• Anthelminthic therapy is generally indicated for symptomatic patients with multiple, live (noncalcified) cysticerci.
  • Anthelminthic treatment will not benefit patients with dead worms (calcified cysts).
  • Concomitant administration of steroids (e.g. dexamethasone) is often indicated to suppress the inflammatory response induced by destruction of live cysticerci.
  • Conventional anticonvulsant therapy is the mainstay of management of neurocysticercosis-associated seizure disorders.
  • Intraventricular cysts should usually be treated by surgical removal (endoscopic if possible). Anthelminthics are relatively contraindicated, because the resulting inflammatory response could precipitate obstructive hydrocephalus.
  • Although our understanding of subarachnoid neurocysticercosis is evolving, treatment with both anthelminthics and corticosteroids is usually required. Ventricular shunting is often necessary as well.

Even when anthelminthic therapy is successful, continued use of anticonvulsant and other symptomatic medications may still be needed because the pathology may be irreversible. Decisions regarding discontinuation of anticonvulsant regimens must be made on an individual clinical basis, but data suggest that many patients can be eventually weaned from anticonvulsant therapy.

Back To Top

 

Several studies suggest that albendazole (conventional dosage 15 mg/kg/day in 2 divided doses for 15 days) may be superior to praziquantel (50 mg/kg/day for 15 days) for the treatment of neurocysticercosis. In comparative clinical trials, albendazole was equivalent or superior to praziquantel in reducing the number of live cysticerci. A recent placebo-controlled, double-blinded trial demonstrated that albendazole treatment (400 mg twice daily plus 6 mg dexamethasone QD for 10 days) significantly decreased generalized seizures over 30 months of follow-up.

More prolonged treatment courses (e.g. 30 days of albendazole, which may be repeated) may be needed for extraparenchymal or extensive disease. Albendazole is more likely to be effective against extraparenchymal forms of the disease because of better penetration than praziquantel into the CSF. Another possible contributing factor to the greater efficacy of albendazole is that serum and CSF metabolite levels appear to be potentiated by concomitant corticosteroids, whereas praziquantel levels are depressed. Albendazole, unlike praziquantel, has been reported to be effective in giant subarachnoid cysticerci (racemose cysts) and in extraocular muscle cysts. Both drugs appear to have a role in therapy, since cases that have not responded to one of the drugs have been reported to respond to the other.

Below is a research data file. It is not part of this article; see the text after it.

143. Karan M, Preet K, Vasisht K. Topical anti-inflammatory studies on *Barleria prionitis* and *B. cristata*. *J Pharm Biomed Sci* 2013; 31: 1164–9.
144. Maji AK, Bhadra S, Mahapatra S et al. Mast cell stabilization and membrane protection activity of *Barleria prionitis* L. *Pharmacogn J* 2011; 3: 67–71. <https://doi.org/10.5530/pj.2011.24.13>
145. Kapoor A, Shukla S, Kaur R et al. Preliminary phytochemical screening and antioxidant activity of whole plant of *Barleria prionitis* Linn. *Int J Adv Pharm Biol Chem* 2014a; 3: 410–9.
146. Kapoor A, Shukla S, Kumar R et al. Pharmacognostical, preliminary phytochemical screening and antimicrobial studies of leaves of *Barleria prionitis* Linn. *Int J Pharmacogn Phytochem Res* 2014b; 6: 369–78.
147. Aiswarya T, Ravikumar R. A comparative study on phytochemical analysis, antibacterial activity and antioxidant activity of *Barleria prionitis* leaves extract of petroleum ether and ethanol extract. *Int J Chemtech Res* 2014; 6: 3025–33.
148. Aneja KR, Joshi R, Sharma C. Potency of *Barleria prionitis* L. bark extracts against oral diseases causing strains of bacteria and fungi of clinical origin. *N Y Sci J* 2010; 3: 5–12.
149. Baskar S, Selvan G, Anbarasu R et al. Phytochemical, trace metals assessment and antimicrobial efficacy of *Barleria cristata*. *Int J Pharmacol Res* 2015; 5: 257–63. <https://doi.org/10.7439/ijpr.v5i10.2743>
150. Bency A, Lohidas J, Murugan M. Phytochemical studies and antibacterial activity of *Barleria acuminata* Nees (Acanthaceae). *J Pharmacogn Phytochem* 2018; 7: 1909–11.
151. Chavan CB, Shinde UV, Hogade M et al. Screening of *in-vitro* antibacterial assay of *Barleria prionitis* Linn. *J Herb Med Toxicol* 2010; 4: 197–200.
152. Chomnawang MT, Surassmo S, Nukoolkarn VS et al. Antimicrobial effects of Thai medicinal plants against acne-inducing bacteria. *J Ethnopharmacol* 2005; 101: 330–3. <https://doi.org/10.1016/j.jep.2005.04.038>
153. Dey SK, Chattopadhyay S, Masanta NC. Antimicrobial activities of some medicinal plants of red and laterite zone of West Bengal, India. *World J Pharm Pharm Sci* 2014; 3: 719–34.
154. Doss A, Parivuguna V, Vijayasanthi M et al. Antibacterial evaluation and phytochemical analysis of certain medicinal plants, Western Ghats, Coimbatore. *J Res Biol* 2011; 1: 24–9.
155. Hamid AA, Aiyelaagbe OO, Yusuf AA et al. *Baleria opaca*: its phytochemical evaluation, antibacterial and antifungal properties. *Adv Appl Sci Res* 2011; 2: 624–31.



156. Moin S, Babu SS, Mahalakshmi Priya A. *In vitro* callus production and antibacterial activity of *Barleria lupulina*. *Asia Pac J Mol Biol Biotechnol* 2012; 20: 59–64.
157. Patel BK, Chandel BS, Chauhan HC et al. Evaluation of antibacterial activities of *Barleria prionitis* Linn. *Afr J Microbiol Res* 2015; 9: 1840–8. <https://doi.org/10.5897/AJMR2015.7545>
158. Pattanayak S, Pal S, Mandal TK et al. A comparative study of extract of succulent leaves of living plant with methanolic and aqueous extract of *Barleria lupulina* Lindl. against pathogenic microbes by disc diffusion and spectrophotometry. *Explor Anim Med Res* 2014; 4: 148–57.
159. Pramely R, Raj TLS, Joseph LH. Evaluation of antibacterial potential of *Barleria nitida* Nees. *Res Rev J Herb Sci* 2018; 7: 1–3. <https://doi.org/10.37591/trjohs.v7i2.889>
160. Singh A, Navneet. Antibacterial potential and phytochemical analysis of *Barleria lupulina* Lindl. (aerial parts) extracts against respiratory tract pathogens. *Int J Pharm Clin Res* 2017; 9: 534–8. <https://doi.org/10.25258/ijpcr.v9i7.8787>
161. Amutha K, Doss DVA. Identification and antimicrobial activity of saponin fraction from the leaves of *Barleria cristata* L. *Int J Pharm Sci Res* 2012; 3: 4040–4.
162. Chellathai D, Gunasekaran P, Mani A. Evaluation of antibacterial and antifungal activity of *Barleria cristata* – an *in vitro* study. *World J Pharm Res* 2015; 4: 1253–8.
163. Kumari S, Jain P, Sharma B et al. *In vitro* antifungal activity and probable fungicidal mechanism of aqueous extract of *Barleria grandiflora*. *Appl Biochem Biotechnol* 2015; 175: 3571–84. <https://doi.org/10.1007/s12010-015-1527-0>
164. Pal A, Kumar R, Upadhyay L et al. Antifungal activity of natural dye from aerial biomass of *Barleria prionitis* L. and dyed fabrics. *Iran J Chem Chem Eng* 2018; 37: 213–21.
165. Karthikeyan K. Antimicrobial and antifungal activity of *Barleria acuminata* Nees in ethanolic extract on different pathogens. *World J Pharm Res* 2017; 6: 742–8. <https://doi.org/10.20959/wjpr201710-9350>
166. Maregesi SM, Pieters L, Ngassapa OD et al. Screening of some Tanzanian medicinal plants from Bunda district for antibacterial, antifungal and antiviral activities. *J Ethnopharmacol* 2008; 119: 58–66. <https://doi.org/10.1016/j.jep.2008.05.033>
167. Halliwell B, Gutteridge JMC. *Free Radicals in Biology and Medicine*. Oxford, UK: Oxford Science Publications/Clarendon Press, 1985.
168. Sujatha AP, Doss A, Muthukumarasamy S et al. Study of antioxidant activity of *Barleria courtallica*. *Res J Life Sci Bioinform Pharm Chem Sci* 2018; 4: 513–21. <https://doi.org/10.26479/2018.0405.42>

Oral albendazole is available for human use in the United States.

Oral praziquantel is available for human use in the United States.

Back To Top

 

The control and prevention of cysticercosis depends on preventing fecal-oral transmission of eggs from persons with taeniasis. Follow-up of cysticercosis cases reported to the Los Angeles County Health Department from 1988 to 1991 demonstrated at least one active tapeworm carrier among family contacts of 22% of locally acquired cases, and 5% of imported cases. Identification and treatment of tapeworm carriers is an important public health measure that can prevent further cases.

When traveling to areas with poor sanitation, persons should be particularly careful to avoid foods that might be contaminated by human feces. Food handlers should be educated in good handwashing practices. Based on investigations of cases of neurocysticercosis in U.S. citizens who acquired their infections from asymptomatic household employees from Latin America, CDC recommended that such employees should have stool examinations for taeniasis and be treated if found to be infected. CDC does not recommend the routine testing of commercial food handlers, but does support policies aimed at ensuring that food handlers are taught and adhere to good handwashing practices.

More on:Handwashing

More on:Food and Water Safety

Back To Top

Sours: https://www.cdc.gov/parasites/cysticercosis/health_professionals/index.html